Concerns over online privacy and security are increasingly changing the way consumers spend their money and behave online. According to a Pew Research study conducted one year ago, 86 percent of internet users have now taken at least some steps to conceal their digital footprints, though many say they would like to do more, if only they knew how.
If you want to go beyond merely using browser extensions intended to block privacy-killing trackers and advertisements, a laptop manufacturer you’ve likely never heard of has created a business based on a full on defense of privacy. It employs its own custom operating system designed for one purpose: to prevent the laptop’s owner from inadvertently relinquishing control over their most sensitive and personal data.
The $1399 Librem 13 manufactured by California-based Purism is a surveillance paranoiac’s fantasy. While industry leaders—Dell, Lenovo, and HP, among others—construct their machines based on factors such as the price and availability of parts, with the software powering their operating systems geared toward usability, the Librem is instead built with the user’s security and privacy foremost in mind.
If you decide to use this computer, you’re basically saying that privacy is no longer an accessory, but rather a lifestyle that requires a prodigious shift in every facet of your online behavior. For most, the concept of switching up your routine so dramatically will be far too intimidating. Buyer’s remorse will come for those who, having taken the leap, suddenly decide the evolution is too painful. They’ll gladly surrender their privacy once again.
For a select few, however, there’s no price too steep to pay in the quest for privacy. Again, security demands sacrifice, and so, with the Librem, the first thing you’ll be asked to forfeit is the familiarity of your preferred operating system. In place of macOS or Windows, the Librem leverages a Debian GNU/Linux distribution to create PureOS, a simple and unique Linux-based system designed by Purism’s own team of specialized Debian developers.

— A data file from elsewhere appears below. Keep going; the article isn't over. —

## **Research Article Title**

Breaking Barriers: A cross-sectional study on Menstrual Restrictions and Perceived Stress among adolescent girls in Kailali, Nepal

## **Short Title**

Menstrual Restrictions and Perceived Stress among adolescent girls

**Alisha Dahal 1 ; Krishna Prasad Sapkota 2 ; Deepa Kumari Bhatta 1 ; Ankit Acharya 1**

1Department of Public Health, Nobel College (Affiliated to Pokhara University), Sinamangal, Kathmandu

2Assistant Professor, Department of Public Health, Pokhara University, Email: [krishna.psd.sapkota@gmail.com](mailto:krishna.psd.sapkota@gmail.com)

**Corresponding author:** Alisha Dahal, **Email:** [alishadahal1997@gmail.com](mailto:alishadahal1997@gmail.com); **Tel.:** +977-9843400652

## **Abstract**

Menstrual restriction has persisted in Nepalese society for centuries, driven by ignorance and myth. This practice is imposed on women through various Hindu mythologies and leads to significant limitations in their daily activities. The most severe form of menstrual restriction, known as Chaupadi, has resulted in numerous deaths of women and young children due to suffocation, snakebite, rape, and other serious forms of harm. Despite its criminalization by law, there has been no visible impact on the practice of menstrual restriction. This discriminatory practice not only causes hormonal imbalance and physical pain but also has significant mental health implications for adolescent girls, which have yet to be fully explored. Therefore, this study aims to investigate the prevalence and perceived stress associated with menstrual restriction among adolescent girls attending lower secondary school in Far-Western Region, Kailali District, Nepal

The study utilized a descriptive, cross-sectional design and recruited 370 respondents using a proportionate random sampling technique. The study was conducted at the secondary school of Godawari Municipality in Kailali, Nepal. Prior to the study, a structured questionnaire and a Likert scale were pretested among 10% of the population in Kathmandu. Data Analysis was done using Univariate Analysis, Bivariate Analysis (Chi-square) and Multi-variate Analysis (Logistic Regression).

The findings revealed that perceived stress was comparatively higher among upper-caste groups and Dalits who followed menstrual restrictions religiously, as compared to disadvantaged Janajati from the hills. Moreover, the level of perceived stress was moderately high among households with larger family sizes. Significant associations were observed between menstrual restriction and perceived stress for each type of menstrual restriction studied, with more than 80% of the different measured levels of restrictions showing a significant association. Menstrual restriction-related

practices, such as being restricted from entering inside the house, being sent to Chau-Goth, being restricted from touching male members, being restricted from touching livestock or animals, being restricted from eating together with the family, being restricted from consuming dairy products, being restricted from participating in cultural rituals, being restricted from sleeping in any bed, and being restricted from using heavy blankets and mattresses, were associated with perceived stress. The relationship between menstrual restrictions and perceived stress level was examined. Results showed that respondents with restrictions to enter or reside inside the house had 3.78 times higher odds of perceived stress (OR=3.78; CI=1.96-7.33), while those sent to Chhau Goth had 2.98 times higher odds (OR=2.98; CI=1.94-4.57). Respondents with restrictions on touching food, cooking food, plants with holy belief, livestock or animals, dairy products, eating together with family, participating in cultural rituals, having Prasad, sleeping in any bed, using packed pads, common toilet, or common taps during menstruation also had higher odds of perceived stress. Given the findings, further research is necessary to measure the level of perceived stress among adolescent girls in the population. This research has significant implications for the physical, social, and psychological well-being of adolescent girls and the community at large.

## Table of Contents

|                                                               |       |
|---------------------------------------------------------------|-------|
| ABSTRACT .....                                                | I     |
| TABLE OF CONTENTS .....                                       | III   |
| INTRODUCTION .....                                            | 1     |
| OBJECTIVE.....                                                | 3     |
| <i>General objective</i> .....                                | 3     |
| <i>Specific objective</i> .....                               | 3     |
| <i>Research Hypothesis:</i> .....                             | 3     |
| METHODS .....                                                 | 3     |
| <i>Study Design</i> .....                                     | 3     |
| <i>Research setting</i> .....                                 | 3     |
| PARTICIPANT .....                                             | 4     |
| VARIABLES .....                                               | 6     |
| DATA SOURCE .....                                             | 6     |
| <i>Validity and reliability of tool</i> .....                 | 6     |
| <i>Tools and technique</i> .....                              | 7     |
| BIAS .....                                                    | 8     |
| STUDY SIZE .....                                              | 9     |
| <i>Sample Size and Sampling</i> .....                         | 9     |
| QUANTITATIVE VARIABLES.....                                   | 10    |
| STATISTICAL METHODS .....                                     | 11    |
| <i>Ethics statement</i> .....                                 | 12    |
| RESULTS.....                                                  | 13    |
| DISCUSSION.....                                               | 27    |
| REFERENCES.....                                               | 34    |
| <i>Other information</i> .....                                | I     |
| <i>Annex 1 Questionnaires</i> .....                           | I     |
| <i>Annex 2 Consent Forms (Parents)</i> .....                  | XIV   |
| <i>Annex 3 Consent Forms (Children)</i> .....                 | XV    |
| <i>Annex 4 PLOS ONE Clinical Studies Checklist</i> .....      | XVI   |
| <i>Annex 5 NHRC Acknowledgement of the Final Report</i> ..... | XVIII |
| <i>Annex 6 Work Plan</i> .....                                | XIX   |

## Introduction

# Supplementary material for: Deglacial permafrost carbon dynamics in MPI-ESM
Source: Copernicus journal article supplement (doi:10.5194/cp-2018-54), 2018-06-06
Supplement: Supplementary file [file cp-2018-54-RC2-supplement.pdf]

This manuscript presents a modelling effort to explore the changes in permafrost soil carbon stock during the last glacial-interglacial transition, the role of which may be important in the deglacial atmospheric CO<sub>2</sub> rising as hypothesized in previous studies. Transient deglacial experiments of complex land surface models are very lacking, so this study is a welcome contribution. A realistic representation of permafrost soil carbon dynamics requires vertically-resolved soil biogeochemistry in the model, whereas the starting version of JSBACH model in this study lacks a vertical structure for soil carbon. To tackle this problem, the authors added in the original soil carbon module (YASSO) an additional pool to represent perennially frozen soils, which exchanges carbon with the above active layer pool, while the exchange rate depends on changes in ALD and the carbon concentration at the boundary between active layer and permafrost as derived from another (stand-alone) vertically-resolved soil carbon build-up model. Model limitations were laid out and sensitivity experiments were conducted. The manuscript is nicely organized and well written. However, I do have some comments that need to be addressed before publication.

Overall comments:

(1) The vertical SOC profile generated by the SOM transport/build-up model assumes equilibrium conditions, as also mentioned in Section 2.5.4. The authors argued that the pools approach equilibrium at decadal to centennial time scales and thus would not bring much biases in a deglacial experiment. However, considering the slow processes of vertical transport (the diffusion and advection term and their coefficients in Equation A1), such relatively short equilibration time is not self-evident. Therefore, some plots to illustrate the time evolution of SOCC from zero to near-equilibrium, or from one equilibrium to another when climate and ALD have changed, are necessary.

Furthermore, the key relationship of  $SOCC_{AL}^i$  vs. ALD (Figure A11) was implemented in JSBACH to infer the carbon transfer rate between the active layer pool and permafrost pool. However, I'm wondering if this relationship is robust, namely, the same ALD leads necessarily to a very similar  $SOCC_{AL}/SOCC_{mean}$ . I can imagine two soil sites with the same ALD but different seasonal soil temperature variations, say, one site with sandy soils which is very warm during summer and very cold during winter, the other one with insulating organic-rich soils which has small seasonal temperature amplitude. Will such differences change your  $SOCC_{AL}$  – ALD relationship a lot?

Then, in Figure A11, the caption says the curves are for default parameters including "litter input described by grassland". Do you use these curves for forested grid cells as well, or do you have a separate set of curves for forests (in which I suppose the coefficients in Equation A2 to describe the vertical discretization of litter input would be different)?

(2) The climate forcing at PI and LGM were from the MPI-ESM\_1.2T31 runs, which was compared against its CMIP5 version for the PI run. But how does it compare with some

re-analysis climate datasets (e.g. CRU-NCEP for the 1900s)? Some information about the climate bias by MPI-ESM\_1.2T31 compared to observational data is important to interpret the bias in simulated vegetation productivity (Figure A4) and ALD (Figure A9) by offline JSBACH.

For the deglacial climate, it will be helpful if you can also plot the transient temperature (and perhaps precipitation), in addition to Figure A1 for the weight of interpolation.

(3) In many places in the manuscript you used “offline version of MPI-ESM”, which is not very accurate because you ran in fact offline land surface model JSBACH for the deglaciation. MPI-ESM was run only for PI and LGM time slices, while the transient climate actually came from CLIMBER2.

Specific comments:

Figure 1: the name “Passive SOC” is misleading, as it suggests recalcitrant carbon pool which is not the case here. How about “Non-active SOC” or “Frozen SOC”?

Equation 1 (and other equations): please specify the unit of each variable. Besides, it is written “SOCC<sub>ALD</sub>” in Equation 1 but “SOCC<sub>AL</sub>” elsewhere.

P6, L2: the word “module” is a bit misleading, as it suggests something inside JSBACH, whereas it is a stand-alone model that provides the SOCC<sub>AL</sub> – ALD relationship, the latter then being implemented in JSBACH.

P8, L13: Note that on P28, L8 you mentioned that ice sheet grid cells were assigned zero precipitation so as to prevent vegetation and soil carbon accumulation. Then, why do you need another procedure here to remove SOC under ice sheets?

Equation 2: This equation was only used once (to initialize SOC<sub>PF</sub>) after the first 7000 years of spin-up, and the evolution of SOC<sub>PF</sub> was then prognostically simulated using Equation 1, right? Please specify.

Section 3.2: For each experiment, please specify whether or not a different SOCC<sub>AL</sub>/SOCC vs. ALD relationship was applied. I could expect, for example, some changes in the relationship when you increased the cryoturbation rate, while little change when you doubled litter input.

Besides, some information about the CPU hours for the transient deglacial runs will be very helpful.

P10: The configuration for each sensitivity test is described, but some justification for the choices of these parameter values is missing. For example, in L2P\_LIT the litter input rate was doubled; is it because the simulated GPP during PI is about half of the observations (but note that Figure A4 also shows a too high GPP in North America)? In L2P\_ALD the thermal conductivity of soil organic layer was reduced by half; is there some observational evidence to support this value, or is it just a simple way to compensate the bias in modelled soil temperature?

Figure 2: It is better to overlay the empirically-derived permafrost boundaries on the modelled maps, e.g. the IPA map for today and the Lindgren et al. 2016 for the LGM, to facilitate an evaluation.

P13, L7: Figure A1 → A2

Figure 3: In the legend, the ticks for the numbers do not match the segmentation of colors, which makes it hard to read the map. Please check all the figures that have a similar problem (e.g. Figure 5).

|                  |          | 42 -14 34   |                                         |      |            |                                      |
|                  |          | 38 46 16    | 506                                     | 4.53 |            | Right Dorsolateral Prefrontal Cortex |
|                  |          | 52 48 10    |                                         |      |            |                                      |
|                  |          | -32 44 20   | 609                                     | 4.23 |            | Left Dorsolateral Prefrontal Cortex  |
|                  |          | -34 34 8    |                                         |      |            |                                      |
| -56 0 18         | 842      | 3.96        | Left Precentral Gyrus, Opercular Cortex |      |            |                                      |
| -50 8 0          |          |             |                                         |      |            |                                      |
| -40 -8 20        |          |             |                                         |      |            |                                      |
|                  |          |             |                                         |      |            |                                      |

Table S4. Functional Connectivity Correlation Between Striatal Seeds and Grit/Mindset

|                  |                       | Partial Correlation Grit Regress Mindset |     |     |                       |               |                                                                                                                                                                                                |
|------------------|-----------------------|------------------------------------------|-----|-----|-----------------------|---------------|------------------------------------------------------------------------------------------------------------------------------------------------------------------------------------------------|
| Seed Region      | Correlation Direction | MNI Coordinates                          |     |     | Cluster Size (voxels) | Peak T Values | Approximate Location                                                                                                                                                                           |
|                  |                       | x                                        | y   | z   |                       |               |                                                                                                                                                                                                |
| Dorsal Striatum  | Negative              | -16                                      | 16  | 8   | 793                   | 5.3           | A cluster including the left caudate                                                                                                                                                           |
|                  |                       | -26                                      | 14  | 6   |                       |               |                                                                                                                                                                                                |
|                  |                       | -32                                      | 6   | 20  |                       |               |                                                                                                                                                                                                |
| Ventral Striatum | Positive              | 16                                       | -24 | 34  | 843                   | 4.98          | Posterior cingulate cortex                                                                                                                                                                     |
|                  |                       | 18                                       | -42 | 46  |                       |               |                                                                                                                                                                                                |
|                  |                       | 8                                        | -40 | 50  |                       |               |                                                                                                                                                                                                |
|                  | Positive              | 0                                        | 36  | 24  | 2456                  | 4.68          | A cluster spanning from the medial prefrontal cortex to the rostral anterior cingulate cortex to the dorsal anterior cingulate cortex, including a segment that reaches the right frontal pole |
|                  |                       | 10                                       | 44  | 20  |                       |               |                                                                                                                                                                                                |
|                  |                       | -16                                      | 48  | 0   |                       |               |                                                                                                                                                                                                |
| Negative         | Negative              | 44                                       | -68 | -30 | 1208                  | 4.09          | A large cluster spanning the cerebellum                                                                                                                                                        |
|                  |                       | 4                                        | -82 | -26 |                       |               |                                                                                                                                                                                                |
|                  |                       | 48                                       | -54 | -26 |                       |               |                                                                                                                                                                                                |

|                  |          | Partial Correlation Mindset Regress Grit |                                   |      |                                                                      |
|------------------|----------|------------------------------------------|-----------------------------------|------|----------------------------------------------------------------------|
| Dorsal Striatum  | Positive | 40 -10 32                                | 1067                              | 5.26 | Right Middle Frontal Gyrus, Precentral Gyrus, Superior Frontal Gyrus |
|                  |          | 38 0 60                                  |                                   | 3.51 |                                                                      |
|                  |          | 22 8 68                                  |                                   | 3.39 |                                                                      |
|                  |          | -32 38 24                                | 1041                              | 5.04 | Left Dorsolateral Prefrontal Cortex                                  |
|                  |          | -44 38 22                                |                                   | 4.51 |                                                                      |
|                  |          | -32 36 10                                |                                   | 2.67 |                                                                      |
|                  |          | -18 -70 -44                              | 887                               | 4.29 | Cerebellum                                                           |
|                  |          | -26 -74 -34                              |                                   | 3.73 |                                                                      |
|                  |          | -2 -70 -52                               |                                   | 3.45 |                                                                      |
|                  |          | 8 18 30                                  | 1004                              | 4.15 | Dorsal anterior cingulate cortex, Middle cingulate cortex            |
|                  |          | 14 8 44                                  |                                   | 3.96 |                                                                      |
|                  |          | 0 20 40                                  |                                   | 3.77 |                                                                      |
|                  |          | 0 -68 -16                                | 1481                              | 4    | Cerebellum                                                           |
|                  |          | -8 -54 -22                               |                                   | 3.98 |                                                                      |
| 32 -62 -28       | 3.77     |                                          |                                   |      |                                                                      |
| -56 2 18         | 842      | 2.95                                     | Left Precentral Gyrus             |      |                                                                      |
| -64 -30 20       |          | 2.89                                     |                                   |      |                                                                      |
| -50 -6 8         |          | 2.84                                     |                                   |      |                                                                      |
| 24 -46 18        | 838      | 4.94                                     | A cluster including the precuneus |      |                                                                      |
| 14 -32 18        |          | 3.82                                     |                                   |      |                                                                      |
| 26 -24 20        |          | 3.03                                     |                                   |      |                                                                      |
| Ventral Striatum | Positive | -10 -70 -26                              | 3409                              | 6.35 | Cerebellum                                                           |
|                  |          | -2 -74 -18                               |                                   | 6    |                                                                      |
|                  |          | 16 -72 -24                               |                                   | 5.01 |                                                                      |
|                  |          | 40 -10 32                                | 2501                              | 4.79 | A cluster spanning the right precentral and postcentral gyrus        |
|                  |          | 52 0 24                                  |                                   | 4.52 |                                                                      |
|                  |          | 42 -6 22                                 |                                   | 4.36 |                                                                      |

Now, this is normally the part where tech reporters feel duty-bound to warn you about the what a god-awful “chore” it is to pick up Linux. I’m going to pass. If you have any useful skills whatsoever beyond tying your own shoes, then I promise you already possess the faculties required to conquer Linux. The biggest challenge will be taking an interest in mastering something new, maybe reading the first 25-30 pages of a For Dummies book, and avoiding the urge to crawl back into your boring comfort zone. You can learn Linux, it will not take forever, and when you do you will be grateful you did.
There are significant advantages to using a Linux-based operating system—in this case, Debian—the least of which is the enhanced privacy you’ll enjoy from a system devoid of rancid bloatware. Linux is infinitely more secure than Windows. Its codebase is maintained by the umpteen people who actually use it, and when a glitch does arise, it gets fixed fast. And while, yes, it’s not as snappy to configure as Mac OS, you’ll eventually come to enjoy not existing within the confines of Apple’s bullshit walled off garden.
Though with Purism there’s still a wall. To protect your privacy, it won’t let you install some of your favorite (data-stealing) apps from its app store, which is simply called “Software.” PureOS includes and only allows users to install and run software that meets strict requirements with regard to privacy protection. All of the software it makes available is both free and open source (FOSS), meaning it can be easily audited by anyone to weed out nefarious code. There should be a tool for virtually every task you do from word processing to image editing. LibreOffice, which is basically a free version of Microsoft Office; Kodi instead of Media Player/iTunes; Gnome Mail and Thunderbird for email
But you bought the Librem! Therefore you are free to do with it as you wish. So if you dislike the draconian nature of the app store, there are plenty of workarounds for installing apps offered by companies that are more than eager to compromise your privacy. Purism simply isn’t in the business of participating in or making convenient your self-destructive behavior.
PureOS does, however, offer some significant privacy advantages if, say, you do decide to install Chrome instead of using Purebrowser, the Librem’s built-in Firefox-based browser that comes packed with privacy-based add-ons, such as HTTPS Everywhere and Ublock Origin, an anti-tracking extension.